What the food industry puts on their packaging can be confusing at best, misleading at worse. They can give consumers a false sense of eating healthy; leading them to eat more processed and packaged foods – which ultimately leads to a slew of health issue that our nation is facing right now.
- Fortified, enriched, added, extra, and plus = nutrients such as minerals and fiber have been removed and then vitamins are added back during processing.
Look for 100% whole-wheat bread, and high-fiber, low-sugar cereals.
- Fruit drink = probably little or no real fruit and a lot of sugar.
Look for products that say “100% Fruit Juice”, and consume in moderation. Even better, eat a piece of fruit instead.
- Made with wheat, rye, or multi-grains = have very little whole grain.
Look for the word “whole” before the grain to ensure that you’re getting a 100% whole-grain product.
- Natural = the manufacturer started with a natural source, but once it’s processed the food may not resemble anything natural.
Look for “100% All Natural” and “No Preservatives.”
- Organically grown, pesticide-free, or no artificial ingredients: Trust only labels that say “Certified Organically Grown” and look for the USDA seal.
- Sugar-free, reduced fat or fat-free: Don’t assume the product is low-calorie. The manufacturer compensated the change in texture with unhealthy ingredients that don’t taste very good and some of these products have no fewer calories than the real thing. Also, sugar-free foods are most likely to be sweetened with artificial sweeteners – which the body recognizes as toxic chemicals.
- The term “whole grain” is allowed to be used very loosely. The nutrition value of flour made from whole grain is quite different from when you eat the grain in its entirely – such as when you cook quinoa, brown rice, or millet.
- 0 trans fat = this label is allowed on foods that contain less than 0.5 gram of trans fat per serving. (No amount of trans fat is recommended, and it only takes 2 grams of trans fats to show its harmful effect.)
Top 6 Criteria When Reading Ingredient Lists
Reading the ingredient list on a nutrition label can be daunting at times. Here are a few things to keep in mind when you look at an ingredient list.
Ingredients are listed in order from the greatest amount to the least.
- The fewer the number of ingredients, the better.
- The first or second ingredient should be what the packaging claims the product to be.
- If the first ingredient is “sugar”, put it back!
- If the first ingredient says “enriched wheat flour”… think twice.
- If there’s a long list of scary-sounding ingredients you can’t pronounce… not a good idea!
- Say no to artificial sweeteners, colorings and flavorings – they mess with your brain!
Nowadays, many packaged foods claim to be “trans fat” free to position themselves as healthy choices. What the food industry doesn’t tell you is that when a label shows 0 grams trans fat per serving it is allowed to contain up to 0.49 grams of trans fat per serving. And a diet of just 2 grams of trans fat per day has been found to be associated with a slew of health issues. Some foods labeled “zero trans fat” may contain high amounts of fat, calories and sodium. Frozen entrees like fried chicken and fried fish are two examples.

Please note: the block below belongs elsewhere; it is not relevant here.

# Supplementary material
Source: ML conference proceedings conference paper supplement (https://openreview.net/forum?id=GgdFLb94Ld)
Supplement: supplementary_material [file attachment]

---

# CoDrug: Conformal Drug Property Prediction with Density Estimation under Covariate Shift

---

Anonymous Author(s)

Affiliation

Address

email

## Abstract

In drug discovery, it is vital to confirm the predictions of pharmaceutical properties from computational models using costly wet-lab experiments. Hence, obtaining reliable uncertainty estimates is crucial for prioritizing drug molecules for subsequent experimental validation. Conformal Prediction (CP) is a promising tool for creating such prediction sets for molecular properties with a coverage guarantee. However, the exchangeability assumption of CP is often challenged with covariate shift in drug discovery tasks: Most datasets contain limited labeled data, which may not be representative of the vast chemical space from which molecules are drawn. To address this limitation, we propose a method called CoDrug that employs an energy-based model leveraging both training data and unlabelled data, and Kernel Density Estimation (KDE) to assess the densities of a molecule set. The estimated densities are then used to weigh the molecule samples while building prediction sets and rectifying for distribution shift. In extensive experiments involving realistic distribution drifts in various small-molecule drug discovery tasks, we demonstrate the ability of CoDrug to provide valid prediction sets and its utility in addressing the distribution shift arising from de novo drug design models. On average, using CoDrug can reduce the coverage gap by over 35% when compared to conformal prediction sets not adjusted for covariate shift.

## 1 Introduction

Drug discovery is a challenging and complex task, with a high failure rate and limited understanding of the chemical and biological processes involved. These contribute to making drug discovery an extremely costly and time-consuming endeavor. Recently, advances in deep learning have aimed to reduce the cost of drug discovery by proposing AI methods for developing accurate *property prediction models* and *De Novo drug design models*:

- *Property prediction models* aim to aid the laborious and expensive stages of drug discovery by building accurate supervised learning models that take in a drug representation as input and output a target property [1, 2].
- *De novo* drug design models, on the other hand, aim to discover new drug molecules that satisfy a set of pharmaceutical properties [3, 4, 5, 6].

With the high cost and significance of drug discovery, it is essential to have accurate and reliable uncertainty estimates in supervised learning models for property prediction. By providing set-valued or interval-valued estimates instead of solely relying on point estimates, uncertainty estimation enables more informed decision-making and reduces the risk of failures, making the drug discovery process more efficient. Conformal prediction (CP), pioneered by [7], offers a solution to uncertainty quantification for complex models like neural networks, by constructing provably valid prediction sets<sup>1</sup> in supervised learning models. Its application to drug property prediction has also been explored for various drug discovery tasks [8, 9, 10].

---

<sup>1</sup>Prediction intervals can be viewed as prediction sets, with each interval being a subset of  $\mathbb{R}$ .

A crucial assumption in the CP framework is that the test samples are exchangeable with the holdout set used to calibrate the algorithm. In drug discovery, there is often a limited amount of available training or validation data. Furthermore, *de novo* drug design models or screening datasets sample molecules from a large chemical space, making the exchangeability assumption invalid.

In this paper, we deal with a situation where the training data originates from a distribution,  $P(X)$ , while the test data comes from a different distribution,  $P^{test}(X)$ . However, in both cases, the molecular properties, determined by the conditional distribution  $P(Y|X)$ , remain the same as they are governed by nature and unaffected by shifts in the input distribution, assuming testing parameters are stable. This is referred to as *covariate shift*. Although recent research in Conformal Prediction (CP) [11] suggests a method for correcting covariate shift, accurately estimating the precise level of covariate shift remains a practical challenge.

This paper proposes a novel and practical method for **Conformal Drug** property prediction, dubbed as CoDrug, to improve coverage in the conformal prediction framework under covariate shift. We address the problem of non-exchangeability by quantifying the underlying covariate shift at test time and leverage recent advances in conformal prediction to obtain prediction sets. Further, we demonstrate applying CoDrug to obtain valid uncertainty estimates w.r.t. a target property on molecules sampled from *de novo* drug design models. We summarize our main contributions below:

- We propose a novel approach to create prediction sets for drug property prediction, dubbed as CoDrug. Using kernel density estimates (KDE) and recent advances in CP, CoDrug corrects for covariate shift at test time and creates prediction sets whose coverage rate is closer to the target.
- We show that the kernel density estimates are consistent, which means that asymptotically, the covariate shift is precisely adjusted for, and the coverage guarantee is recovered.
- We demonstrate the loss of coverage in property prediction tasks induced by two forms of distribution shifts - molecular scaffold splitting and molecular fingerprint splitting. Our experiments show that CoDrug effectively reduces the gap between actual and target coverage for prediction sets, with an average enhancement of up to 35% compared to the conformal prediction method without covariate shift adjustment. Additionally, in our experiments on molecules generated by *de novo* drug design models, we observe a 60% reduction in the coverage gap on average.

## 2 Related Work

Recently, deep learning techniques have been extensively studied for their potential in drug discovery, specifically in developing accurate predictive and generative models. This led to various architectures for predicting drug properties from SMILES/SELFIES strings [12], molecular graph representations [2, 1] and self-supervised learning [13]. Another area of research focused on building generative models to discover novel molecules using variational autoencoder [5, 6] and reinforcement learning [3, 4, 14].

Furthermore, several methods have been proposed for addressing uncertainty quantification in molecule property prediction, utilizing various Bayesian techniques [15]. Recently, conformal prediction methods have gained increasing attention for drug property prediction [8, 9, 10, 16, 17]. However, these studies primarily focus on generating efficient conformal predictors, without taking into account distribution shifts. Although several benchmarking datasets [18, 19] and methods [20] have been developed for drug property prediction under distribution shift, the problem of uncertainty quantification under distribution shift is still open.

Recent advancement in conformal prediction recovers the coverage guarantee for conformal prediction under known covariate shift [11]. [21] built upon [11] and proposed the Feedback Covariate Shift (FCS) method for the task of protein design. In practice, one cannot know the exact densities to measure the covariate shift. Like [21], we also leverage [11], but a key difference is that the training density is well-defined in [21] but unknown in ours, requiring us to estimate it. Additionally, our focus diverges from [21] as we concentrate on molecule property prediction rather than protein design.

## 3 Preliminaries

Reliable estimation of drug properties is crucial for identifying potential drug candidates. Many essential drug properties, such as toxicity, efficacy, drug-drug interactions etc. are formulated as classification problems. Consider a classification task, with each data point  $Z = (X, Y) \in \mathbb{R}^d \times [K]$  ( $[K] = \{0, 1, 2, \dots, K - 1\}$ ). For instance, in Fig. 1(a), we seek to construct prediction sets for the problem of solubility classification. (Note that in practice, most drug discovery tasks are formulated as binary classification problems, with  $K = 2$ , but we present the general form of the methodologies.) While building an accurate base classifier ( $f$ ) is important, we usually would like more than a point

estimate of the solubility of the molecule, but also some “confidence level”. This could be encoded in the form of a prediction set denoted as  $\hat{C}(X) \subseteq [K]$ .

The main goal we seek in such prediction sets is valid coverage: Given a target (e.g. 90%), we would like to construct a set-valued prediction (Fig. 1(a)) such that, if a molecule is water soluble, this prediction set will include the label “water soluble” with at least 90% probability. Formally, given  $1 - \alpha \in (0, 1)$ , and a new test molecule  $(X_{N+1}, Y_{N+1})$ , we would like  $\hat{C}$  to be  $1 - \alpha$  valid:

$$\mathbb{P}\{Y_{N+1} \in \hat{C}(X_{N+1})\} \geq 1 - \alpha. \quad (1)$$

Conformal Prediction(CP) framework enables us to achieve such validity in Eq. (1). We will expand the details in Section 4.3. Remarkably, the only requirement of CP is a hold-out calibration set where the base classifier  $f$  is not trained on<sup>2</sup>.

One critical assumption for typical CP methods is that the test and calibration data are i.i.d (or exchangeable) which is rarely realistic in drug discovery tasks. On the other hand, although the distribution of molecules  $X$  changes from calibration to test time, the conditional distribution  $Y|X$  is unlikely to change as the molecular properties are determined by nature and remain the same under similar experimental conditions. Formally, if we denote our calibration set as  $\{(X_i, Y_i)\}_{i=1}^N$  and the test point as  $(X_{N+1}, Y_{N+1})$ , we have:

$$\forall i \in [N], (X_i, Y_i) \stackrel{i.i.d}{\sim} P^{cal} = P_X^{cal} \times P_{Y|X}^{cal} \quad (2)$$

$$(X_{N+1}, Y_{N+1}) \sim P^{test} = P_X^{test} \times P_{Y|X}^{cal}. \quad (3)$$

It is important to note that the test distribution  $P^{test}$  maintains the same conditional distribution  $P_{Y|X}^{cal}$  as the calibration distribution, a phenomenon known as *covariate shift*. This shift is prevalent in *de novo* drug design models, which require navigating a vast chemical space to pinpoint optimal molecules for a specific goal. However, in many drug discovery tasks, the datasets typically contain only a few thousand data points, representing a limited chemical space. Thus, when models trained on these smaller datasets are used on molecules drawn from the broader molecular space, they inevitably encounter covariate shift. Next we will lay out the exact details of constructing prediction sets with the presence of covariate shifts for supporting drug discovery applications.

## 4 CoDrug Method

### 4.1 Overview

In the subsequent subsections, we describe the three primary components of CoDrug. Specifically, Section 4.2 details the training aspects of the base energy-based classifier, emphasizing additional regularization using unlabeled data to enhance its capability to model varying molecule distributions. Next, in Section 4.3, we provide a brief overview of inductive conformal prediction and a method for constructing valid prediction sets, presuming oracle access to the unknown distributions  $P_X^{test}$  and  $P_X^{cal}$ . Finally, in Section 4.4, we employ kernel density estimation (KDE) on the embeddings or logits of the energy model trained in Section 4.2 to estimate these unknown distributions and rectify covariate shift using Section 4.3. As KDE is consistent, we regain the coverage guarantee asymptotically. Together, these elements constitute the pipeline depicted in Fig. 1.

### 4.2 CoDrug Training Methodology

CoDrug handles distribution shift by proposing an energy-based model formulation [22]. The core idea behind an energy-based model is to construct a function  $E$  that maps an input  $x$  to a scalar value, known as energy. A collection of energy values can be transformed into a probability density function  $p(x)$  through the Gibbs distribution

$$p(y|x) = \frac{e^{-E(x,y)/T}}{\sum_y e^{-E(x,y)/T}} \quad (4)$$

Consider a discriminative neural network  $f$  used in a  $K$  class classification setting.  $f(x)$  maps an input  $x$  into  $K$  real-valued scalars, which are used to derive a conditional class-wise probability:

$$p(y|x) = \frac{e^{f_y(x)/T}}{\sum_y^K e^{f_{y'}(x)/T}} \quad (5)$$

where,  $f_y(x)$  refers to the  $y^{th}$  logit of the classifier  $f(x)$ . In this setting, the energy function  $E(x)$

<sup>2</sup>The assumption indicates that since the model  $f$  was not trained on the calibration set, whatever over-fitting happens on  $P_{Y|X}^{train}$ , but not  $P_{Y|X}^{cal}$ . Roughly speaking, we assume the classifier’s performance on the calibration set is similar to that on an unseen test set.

So what exactly is trans fat, and what does it do to your health?
- It sabotage good cholesterol and boost bad cholesterol, triglycerides, and lipoproteins that clog arteries and cause heart disease.
- It is suspected of playing a role in diabetes and cancer.
- It is found in a lot of packaged foods.
- It can can appear in the ingredient list as “hydrogenated oil” or “partially-hydrogenated oil”
The Many Names of Sugar
So you know eating sugar is bad for you, but do you know how to identify all forms of sugar that will cause just as much issue as plain “sugar”? Here are the different names that sugar can appear as in food labels – print the list out an create a “cheat list” for your next grocery trip:
- Brown sugar, confectioner’s sugar, powdered sugar
- Cane juice/evaporated cane juice
- Corn syrups
- Dextrose, or glucose, aka corn sugar
- High-fructose corn syrup (HFCS)
- Lactose, or milk sugar
- Levulose, or fructose
- Raw sugar
- Sorbitol, mannitol, malitol and xylitol (sugar alcohol)
- Sucrose, or table sugar
In general, watch out for anything with with “sugar”, “-ose” or “-ol”
So you know sugar is bad for you. What about using artificial sweeteners to satisfy your sweet tooth? They contain 0 calories, so it’s supposed to be ok, right?
Artificial sweeteners may taste like sugar, but your body doesn’t recognize them as food!
They are chemicals that your body recognize as toxins, and add to your body’s toxic load. Symptoms of toxicity can include: fatigue, headache, mood changes, digestive issues and brain fog – just to name a few.
Moreover, studies have found that the sweet taste without the calories actually messes with our perception of satiety – we are telling our brain that sweet taste no longer equates to calories! Researches have shown that people who consume diet drinks and use artificial sweeteners actually gain weight, instead of losing weight!
Here are some common artificial sweeteners that you should look out for when reading food labels – it pays to get familiar to both their generic/chemical name, as well as the brand names that they come in to make sure you don’t miss a thing:
- Aspartame, sold under the brand names NutraSweet® and Equal® – it contains a neurotoxin!
- Saccharin, sold under the brand name Sweet’N Low®
- Sucralose, sold under the brand name Splenda®
- Acesulfame K (or acesulfame potassium), produced by Hoechst, a German chemical company; widely used in foods, beverages and pharmaceutical products around the world.
- Neotame, produced by the NutraSweet Company; the most recent addition to FDA’s list of approved artificial sweeteners, neotame is used in diet soft drinks and low-calorie foods.